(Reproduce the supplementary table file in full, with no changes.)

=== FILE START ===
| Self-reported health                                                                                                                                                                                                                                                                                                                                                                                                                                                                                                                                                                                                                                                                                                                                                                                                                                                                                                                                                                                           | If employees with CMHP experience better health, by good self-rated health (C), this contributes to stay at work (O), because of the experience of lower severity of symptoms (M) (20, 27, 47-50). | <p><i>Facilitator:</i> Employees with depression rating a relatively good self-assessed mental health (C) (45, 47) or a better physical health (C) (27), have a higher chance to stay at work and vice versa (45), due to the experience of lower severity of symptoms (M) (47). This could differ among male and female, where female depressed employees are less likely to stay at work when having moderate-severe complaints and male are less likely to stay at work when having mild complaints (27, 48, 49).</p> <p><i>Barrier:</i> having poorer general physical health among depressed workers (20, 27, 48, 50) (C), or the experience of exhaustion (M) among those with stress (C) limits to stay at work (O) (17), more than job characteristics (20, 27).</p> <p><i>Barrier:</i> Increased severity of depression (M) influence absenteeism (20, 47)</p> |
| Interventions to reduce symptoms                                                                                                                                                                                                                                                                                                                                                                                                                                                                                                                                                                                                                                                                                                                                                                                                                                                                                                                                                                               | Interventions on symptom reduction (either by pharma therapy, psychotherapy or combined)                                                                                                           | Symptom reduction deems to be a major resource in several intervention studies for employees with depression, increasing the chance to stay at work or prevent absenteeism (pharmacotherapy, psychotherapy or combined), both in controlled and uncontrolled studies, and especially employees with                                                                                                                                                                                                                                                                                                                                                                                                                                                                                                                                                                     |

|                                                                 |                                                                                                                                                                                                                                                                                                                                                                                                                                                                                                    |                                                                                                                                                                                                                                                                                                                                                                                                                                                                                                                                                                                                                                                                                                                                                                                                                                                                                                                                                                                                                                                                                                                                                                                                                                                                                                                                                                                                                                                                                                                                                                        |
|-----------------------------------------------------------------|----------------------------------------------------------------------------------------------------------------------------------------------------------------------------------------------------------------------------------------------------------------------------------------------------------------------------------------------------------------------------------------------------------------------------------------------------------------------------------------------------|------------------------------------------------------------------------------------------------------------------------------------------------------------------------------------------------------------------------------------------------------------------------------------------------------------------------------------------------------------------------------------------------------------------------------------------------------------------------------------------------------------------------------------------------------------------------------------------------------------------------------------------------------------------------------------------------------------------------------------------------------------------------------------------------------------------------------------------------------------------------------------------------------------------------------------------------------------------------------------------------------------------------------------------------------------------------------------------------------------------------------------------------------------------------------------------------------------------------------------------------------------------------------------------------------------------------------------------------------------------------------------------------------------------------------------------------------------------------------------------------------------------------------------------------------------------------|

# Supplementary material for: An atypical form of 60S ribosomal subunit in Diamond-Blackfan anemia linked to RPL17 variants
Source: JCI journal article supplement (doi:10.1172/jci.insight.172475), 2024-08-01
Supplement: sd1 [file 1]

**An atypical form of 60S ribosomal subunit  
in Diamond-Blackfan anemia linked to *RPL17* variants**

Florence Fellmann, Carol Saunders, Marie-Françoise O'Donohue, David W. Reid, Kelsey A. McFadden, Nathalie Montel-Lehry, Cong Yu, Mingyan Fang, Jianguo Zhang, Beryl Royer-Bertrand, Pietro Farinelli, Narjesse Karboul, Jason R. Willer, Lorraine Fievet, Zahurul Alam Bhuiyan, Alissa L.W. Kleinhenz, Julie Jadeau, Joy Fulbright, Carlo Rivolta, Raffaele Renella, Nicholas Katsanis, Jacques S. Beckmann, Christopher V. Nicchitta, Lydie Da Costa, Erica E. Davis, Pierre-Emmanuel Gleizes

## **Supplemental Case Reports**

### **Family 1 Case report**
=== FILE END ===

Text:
| Self-reported health                                                                                                                                                                                                                                                                                                                                                                                                                                                                                                                                                                                                                                                                                                                                                                                                                                                                                                                                                                                           | If employees with CMHP experience better health, by good self-rated health (C), this contributes to stay at work (O), because of the experience of lower severity of symptoms (M) (20, 27, 47-50). | <p><i>Facilitator:</i> Employees with depression rating a relatively good self-assessed mental health (C) (45, 47) or a better physical health (C) (27), have a higher chance to stay at work and vice versa (45), due to the experience of lower severity of symptoms (M) (47). This could differ among male and female, where female depressed employees are less likely to stay at work when having moderate-severe complaints and male are less likely to stay at work when having mild complaints (27, 48, 49).</p> <p><i>Barrier:</i> having poorer general physical health among depressed workers (20, 27, 48, 50) (C), or the experience of exhaustion (M) among those with stress (C) limits to stay at work (O) (17), more than job characteristics (20, 27).</p> <p><i>Barrier:</i> Increased severity of depression (M) influence absenteeism (20, 47)</p> |
| Interventions to reduce symptoms                                                                                                                                                                                                                                                                                                                                                                                                                                                                                                                                                                                                                                                                                                                                                                                                                                                                                                                                                                               | Interventions on symptom reduction (either by pharma therapy, psychotherapy or combined)                                                                                                           | Symptom reduction deems to be a major resource in several intervention studies for employees with depression, increasing the chance to stay at work or prevent absenteeism (pharmacotherapy, psychotherapy or combined), both in controlled and uncontrolled studies, and especially employees with                                                                                                                                                                                                                                                                                                                                                                                                                                                                                                                                                                     |

|                                                                 |                                                                                                                                                                                                                                                                                                                                                                                                                                                                                                    |                                                                                                                                                                                                                                                                                                                                                                                                                                                                                                                                                                                                                                                                                                                                                                                                                                                                                                                                                                                                                                                                                                                                                                                                                                                                                                                                                                                                                                                                                                                                                                        |
|-----------------------------------------------------------------|----------------------------------------------------------------------------------------------------------------------------------------------------------------------------------------------------------------------------------------------------------------------------------------------------------------------------------------------------------------------------------------------------------------------------------------------------------------------------------------------------|------------------------------------------------------------------------------------------------------------------------------------------------------------------------------------------------------------------------------------------------------------------------------------------------------------------------------------------------------------------------------------------------------------------------------------------------------------------------------------------------------------------------------------------------------------------------------------------------------------------------------------------------------------------------------------------------------------------------------------------------------------------------------------------------------------------------------------------------------------------------------------------------------------------------------------------------------------------------------------------------------------------------------------------------------------------------------------------------------------------------------------------------------------------------------------------------------------------------------------------------------------------------------------------------------------------------------------------------------------------------------------------------------------------------------------------------------------------------------------------------------------------------------------------------------------------------|

# Supplementary material for: An atypical form of 60S ribosomal subunit in Diamond-Blackfan anemia linked to RPL17 variants
Source: JCI journal article supplement (doi:10.1172/jci.insight.172475), 2024-08-01
Supplement: sd1 [file 1]

**An atypical form of 60S ribosomal subunit  
in Diamond-Blackfan anemia linked to *RPL17* variants**

Florence Fellmann, Carol Saunders, Marie-Françoise O'Donohue, David W. Reid, Kelsey A. McFadden, Nathalie Montel-Lehry, Cong Yu, Mingyan Fang, Jianguo Zhang, Beryl Royer-Bertrand, Pietro Farinelli, Narjesse Karboul, Jason R. Willer, Lorraine Fievet, Zahurul Alam Bhuiyan, Alissa L.W. Kleinhenz, Julie Jadeau, Joy Fulbright, Carlo Rivolta, Raffaele Renella, Nicholas Katsanis, Jacques S. Beckmann, Christopher V. Nicchitta, Lydie Da Costa, Erica E. Davis, Pierre-Emmanuel Gleizes

## **Supplemental Case Reports**

### **Family 1 Case report**